A few months back I got into a conversation about beer reviews and ratings with Brent Osborn of Osborn Brewing. I’ve been simmering on this, trying to formulate it into an article, and finally resolving to change the error of my ways.
Edit 4 years later: Some of this info is slightly out of date, like Ohio’s ABV cap, but the vast majority is still highly relevant.
When I talked to bottle shop and bar owners about my series on the 3 tier system one of their concerns and challenges was dealing with beer allocations. Each store generally only gets so much of each beer. Craft breweries are just too popular and too small to fulfill every demand for their beer in every store in every state. So read on to learn more about beer allocations and, most importantly, for the master magician (that’s me) to reveal his secrets on getting those rarer beers!
It seems that many Cincinnati-area bars and beer stores need to do a little vocabulary work. Per good ‘ol Merriam-Webster, rare is:
1: marked by wide separation of component particles :thin<rare air>2a : marked by unusual quality, merit, or appeal : distinctiveb : superlative or extreme of its kind3: seldom occurring or found : uncommon
For our purposes, definition three is what we will be examining, though two does factor in.
Nearly every week, there are numerous cases of the “rare beer tasting”, “rare bottle release”, or, my personal favorite, “the first/last/only keg of xxx in the State of Ohio/City of Cincinnati.” Any of these increasingly-encountered phenomena would be much, much less irritating if they used the word (or at least concept) of rare correctly. If I can buy the “rare” beers at your tasting or at any reputable beer store in the area ALL YEAR LONG, those beers aren’t rare.
If you have the only keg of such and such that has ever been made in the history of mankind, but I can buy the same beer in bottle format anytime I please, who gives a crap? And that’s without even considering the fact that actual rarity has nothing to do with how good a beer actually is. Give me a Bell’s Two Hearted that I can buy any day of the week from the gas station down the street over your one-hundred bottles ever created of triple-dry-hopped-barrel-aged-wild sextuple stout.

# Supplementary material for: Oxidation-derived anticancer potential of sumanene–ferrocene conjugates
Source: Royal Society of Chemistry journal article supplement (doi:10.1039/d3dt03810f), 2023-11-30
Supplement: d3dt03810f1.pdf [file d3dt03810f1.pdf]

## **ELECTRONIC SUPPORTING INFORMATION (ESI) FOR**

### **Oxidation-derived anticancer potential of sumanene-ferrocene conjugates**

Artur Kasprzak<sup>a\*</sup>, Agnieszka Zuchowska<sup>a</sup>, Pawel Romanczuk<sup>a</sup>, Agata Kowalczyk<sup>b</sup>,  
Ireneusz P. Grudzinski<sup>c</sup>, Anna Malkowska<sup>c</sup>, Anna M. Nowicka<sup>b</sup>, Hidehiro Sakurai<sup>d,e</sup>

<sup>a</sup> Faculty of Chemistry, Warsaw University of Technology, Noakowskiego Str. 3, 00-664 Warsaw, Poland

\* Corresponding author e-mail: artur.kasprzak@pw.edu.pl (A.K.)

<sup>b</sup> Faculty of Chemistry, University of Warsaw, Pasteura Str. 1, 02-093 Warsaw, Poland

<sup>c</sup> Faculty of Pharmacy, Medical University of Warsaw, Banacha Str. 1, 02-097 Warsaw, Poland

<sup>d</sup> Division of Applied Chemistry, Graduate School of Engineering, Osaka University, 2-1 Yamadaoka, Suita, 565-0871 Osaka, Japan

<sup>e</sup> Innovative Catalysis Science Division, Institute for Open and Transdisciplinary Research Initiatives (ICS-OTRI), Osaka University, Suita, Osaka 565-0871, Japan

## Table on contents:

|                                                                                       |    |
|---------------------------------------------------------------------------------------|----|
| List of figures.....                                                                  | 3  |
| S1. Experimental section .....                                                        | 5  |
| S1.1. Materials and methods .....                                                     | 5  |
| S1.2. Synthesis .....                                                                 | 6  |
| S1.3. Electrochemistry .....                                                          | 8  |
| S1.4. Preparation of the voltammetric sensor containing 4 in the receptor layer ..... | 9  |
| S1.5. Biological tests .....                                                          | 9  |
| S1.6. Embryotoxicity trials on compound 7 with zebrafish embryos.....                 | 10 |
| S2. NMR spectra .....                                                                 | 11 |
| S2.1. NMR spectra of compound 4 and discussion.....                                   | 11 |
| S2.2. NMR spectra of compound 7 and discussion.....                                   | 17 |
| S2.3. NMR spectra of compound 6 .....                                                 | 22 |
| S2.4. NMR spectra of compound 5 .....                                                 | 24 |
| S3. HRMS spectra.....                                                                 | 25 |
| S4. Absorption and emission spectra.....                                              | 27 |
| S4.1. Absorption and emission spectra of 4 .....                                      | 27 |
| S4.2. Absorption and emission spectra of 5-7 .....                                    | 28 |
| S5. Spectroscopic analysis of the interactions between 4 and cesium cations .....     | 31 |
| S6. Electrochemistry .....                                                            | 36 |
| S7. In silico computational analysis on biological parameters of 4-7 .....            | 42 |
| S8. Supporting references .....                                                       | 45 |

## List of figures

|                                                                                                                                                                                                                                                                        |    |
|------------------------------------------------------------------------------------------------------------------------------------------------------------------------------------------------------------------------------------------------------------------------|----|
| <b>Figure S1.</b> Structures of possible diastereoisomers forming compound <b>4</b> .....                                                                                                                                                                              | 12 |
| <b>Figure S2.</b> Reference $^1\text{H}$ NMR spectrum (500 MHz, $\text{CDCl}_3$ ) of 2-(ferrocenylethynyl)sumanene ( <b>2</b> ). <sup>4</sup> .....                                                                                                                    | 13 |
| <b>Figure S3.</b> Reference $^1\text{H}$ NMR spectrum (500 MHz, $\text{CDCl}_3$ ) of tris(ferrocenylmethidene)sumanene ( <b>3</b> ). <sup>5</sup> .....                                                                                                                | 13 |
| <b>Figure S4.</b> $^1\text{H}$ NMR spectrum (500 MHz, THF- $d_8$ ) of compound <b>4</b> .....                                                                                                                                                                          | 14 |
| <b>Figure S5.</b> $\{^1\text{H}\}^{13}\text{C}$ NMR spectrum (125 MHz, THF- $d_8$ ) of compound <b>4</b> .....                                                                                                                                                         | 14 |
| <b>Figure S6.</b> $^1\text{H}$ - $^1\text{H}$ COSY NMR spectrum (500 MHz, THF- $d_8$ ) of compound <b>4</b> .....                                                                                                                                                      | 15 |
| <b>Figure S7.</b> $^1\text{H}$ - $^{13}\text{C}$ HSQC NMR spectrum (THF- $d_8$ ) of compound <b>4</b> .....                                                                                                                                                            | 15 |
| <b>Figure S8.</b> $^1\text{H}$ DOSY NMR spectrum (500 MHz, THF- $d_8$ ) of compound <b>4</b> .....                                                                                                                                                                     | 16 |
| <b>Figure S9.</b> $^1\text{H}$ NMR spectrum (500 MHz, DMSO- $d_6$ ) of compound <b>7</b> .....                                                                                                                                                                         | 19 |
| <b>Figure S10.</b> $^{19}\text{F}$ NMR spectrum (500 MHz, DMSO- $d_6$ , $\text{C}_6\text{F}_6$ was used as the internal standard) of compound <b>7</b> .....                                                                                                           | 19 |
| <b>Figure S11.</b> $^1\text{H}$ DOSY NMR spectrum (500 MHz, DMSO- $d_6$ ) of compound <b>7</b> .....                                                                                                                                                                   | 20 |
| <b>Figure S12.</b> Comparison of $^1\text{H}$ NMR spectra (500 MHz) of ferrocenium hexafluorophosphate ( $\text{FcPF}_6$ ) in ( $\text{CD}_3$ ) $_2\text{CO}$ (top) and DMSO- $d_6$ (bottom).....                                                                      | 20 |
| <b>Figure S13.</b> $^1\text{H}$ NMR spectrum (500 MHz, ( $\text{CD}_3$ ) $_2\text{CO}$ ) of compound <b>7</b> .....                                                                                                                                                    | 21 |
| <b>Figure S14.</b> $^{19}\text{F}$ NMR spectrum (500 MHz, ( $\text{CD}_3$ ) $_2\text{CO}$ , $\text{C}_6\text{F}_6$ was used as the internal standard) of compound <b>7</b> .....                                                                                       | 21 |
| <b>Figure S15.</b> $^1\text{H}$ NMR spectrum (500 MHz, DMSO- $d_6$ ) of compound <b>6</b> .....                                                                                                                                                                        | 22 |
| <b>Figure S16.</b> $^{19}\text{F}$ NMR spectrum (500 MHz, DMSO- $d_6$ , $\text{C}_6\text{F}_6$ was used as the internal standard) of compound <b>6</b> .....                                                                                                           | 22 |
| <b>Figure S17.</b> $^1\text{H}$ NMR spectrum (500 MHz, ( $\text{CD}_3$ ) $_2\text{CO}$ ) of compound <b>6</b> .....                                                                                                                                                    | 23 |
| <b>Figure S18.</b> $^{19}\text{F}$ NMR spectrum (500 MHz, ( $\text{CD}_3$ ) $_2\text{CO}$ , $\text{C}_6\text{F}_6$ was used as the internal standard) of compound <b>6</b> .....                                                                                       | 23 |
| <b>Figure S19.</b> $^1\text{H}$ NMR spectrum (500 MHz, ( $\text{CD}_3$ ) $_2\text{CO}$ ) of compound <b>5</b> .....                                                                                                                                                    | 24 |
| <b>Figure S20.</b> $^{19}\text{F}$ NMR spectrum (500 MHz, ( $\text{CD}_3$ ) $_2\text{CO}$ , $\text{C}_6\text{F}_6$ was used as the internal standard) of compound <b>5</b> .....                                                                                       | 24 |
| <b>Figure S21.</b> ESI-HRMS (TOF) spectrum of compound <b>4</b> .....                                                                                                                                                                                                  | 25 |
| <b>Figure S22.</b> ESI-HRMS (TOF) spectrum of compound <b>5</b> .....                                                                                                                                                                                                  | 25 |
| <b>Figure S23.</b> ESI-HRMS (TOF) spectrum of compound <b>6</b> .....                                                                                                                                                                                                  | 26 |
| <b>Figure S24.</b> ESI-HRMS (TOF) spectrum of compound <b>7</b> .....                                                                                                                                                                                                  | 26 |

The Store Who Cried Rare!
Words have meanings and when those meanings are detached, the words become pointless. Just as in the case of The Boy Who Cried Wolf, if you’re a beer store who bombards me on email/Facebook/Twitter with a critical mass of hyperbole regarding the rarity of your stock, I’m going to stop listening. I realize it’s a marketing ploy and I know that we craft beer lovers have largely brought this upon ourselves in over-valuing the latest “White Whale” and riding the hype train on certain beer traits (barrel-aged, sour, and, yes, rare).
I’m just asking this: the next time you need to market an event or product as “rare”, take a step back for a second and think about whether or not it’s 1) true and 2) necessary. If you’re going to sell a good product, it doesn’t have to be rare.